Experimental Determination of Lift and Lift Distributions for Wings In Formation Flight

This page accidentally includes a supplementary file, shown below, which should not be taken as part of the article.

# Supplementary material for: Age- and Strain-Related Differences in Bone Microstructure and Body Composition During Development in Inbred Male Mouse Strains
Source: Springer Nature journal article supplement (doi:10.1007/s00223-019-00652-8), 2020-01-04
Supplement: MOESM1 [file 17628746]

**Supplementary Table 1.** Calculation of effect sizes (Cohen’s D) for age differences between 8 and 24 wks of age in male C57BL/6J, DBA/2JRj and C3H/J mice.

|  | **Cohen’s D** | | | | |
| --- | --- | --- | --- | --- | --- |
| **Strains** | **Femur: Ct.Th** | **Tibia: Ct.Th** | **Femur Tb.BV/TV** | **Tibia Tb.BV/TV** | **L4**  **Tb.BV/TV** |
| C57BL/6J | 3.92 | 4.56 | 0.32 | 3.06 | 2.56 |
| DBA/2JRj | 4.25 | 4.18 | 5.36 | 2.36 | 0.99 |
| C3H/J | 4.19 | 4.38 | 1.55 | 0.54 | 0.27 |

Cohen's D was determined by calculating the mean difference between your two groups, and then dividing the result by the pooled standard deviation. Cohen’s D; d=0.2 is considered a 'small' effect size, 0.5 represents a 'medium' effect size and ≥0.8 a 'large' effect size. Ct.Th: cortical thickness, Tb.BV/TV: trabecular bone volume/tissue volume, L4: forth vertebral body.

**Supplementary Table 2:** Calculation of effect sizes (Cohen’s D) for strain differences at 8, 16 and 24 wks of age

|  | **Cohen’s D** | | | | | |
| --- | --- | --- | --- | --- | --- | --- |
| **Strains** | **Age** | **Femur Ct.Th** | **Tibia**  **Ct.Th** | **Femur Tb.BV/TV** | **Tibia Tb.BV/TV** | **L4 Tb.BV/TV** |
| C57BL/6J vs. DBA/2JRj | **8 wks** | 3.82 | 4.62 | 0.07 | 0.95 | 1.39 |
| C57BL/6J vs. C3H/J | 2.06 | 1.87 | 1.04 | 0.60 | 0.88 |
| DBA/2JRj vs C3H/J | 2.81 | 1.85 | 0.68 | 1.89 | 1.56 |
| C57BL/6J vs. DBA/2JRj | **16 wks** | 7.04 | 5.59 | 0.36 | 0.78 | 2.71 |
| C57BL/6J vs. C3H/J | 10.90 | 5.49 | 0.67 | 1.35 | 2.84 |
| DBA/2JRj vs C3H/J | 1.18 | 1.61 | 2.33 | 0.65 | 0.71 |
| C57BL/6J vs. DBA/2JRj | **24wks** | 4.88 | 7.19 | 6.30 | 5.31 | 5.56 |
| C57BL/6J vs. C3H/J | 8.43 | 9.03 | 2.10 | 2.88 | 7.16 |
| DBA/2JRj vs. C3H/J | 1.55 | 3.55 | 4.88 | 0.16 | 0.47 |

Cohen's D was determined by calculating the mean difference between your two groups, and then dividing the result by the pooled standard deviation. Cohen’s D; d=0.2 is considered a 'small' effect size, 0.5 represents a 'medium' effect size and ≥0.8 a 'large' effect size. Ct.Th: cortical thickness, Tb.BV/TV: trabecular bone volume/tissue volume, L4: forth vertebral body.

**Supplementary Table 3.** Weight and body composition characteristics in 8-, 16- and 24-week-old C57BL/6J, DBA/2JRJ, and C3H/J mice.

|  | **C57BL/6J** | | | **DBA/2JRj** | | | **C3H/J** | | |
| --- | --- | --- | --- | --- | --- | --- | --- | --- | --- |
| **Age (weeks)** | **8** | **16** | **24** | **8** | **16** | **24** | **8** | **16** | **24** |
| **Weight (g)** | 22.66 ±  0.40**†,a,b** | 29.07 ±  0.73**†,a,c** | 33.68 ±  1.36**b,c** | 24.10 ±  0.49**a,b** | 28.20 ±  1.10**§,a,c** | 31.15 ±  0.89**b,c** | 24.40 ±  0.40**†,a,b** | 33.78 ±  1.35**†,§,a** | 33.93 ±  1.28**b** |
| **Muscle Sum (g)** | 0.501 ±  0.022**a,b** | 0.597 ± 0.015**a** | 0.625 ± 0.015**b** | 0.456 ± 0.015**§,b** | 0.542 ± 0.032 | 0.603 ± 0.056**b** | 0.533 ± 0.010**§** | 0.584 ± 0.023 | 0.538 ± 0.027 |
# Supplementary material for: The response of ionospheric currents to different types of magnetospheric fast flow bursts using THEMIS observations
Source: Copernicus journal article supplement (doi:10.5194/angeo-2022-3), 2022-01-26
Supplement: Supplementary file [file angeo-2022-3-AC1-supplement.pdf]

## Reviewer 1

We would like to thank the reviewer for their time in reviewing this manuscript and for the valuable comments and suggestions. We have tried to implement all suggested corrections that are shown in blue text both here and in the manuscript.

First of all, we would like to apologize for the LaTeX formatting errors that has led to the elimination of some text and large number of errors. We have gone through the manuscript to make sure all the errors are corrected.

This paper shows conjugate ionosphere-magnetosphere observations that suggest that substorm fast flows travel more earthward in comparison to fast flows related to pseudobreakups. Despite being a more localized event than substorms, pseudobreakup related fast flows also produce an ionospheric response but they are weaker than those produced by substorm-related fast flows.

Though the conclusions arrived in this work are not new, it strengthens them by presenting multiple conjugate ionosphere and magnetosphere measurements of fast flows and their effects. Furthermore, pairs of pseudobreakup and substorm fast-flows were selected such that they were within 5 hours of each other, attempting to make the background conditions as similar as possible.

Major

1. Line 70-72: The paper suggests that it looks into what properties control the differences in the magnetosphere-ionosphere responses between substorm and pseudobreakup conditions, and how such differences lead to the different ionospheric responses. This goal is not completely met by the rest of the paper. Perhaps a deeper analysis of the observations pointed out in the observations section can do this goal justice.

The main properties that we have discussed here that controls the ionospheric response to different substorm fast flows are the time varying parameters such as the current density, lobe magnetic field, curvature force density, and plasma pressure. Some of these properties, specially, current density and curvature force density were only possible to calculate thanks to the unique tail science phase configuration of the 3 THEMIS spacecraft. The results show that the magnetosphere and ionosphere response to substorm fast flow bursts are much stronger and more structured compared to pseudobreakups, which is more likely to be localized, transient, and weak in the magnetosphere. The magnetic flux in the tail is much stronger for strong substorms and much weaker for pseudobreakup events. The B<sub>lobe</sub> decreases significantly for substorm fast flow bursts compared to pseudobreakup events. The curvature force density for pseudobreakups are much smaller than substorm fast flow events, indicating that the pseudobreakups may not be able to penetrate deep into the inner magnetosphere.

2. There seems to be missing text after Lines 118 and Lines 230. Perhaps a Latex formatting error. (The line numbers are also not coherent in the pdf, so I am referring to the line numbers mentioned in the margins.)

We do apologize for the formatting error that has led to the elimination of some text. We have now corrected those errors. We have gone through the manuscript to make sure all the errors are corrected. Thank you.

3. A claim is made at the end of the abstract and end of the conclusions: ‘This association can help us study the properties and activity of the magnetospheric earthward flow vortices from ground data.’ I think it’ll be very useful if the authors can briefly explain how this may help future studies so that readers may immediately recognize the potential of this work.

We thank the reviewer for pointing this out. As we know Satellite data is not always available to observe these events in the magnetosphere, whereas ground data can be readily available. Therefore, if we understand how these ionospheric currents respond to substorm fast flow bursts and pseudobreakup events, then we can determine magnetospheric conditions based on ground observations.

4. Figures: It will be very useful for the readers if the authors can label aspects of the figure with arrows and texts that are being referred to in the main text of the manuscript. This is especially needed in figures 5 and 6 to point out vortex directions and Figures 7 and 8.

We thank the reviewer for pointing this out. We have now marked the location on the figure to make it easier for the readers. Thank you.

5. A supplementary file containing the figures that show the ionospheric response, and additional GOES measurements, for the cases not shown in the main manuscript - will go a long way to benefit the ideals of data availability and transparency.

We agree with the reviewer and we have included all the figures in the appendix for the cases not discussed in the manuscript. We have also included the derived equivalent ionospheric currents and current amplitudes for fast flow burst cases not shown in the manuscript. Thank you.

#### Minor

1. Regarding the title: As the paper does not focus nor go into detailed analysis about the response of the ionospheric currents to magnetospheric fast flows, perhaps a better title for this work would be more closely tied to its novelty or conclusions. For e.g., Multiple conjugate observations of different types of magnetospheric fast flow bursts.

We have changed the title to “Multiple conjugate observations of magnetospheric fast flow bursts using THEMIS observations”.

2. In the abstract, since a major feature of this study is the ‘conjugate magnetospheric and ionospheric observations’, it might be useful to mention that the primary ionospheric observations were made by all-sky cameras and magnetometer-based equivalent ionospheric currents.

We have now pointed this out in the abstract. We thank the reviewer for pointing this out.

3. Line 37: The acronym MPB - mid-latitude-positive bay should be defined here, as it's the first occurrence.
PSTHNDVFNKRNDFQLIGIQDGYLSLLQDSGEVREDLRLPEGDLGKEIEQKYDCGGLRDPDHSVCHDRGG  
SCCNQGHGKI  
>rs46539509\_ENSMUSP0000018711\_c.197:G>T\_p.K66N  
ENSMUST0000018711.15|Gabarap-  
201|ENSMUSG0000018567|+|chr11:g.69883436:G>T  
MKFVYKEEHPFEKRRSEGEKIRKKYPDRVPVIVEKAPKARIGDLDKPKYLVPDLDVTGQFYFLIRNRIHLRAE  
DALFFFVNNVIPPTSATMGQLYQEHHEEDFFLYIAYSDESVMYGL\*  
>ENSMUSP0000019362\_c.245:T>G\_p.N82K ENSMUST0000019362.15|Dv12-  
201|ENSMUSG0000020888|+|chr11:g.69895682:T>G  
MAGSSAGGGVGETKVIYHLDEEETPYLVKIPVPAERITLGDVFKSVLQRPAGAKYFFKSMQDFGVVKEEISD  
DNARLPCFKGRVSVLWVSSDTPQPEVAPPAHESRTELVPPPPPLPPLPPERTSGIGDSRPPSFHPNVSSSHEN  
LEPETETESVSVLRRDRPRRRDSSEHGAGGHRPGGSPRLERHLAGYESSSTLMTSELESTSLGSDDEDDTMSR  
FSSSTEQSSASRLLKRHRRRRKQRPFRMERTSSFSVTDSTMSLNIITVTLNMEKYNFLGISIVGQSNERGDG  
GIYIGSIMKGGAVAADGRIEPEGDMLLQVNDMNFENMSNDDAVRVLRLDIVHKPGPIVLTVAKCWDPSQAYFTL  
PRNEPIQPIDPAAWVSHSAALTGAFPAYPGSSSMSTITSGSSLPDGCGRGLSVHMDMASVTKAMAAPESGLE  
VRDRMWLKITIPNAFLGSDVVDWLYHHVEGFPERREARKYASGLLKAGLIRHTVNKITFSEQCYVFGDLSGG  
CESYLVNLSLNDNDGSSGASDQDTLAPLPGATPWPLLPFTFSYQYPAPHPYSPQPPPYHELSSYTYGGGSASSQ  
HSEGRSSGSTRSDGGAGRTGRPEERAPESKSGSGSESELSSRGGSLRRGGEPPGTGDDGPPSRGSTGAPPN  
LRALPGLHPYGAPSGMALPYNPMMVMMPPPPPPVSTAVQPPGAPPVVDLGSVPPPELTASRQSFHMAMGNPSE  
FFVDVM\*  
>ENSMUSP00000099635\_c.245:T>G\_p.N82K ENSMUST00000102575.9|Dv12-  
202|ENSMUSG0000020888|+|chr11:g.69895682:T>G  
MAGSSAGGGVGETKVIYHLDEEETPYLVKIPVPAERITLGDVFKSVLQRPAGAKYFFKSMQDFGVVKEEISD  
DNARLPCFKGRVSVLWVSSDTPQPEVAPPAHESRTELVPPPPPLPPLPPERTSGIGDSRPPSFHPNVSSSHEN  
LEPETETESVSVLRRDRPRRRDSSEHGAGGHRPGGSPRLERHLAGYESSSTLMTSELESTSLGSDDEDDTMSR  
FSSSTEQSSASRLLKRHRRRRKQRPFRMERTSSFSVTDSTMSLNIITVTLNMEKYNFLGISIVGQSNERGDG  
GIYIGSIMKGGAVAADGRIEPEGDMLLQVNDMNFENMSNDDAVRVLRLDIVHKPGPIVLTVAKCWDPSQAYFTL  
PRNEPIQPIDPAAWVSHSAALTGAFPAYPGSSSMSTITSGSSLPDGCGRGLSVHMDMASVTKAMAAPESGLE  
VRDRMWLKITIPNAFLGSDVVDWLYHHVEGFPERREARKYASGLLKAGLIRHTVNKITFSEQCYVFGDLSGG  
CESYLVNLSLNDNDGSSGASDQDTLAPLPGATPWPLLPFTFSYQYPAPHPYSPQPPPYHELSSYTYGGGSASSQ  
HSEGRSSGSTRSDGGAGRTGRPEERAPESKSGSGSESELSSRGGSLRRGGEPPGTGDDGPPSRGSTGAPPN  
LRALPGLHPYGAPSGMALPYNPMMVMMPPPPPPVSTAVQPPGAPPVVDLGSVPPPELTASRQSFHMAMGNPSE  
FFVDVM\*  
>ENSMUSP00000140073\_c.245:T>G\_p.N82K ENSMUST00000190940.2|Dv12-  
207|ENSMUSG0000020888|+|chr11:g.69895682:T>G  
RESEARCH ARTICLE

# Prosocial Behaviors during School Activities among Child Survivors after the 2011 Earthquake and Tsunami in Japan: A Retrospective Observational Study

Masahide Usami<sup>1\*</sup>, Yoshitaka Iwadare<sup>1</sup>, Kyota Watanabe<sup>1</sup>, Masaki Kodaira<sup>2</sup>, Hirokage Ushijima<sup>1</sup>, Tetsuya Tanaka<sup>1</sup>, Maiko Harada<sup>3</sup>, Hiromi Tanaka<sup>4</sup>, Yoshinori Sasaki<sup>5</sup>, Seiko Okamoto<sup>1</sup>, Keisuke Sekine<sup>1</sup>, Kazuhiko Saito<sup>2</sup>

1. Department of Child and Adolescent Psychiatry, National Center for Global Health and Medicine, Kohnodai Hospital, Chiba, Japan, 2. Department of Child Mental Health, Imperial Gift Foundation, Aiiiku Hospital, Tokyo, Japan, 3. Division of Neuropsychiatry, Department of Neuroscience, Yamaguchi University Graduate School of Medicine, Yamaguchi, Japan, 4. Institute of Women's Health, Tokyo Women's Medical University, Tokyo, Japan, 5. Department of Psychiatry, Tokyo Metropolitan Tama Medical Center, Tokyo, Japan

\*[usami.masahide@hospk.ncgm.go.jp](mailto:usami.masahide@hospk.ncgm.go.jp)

Experimental methods for the investigation of trailing vortex strengths, total lift, and lift distributions for three-dimensional wings in close proximity flight were developed. With these experiments we model compound aircraft flight either docked tip-to-tip, or flying in formation. There is a distinct lack of experimental formation flight data using three-dimensional wing models for tests. The absence of fixed walls on either end of the wing permits the development of the asymmetric shedding of vortices, and the determination of the asymmetric circulation distribution induced by the proximity of the leading wing. The pair consisted of a swept NACA-0012 non-cambered wing simulating one half of a leading aircraft and a rectangular cambered NACA 63-420 wing simulating the trailing aircraft. Important aspects of the work included theoretical development, experimental setup, data acquisition and processing, and results validation. Experimentally determining the lift for formation flight, in addition to the local flow behavior for a pair of wings, can provide valuable insight for the proposition of flying actual aircraft in formation to increase mission efficiency. To eliminate the need for bulky mounting stings and direct load measurement devices that can potentially interfere with the local flowfield, a minimally invasive velocity probe method is developed. A series of experiments were performed to assist with the development of the method. Velocity and vorticity distributions obtained along a near-field plane were processed to calculate wingtip vortex strengths. Additionally, vortex position instabilities and the shedding of vorticity inboard of the wingtips were observed. To determine the circulation distributions for the trailing wing, the initial method is modified. By processing velocity information acquired in a near-field plane, both the lift and induced drag were calculated for the trailing airfoil. Comparisons are made to directly measured loads and to results reported earlier. Directly measured lift and drag coefficients were found to agree with existing literature.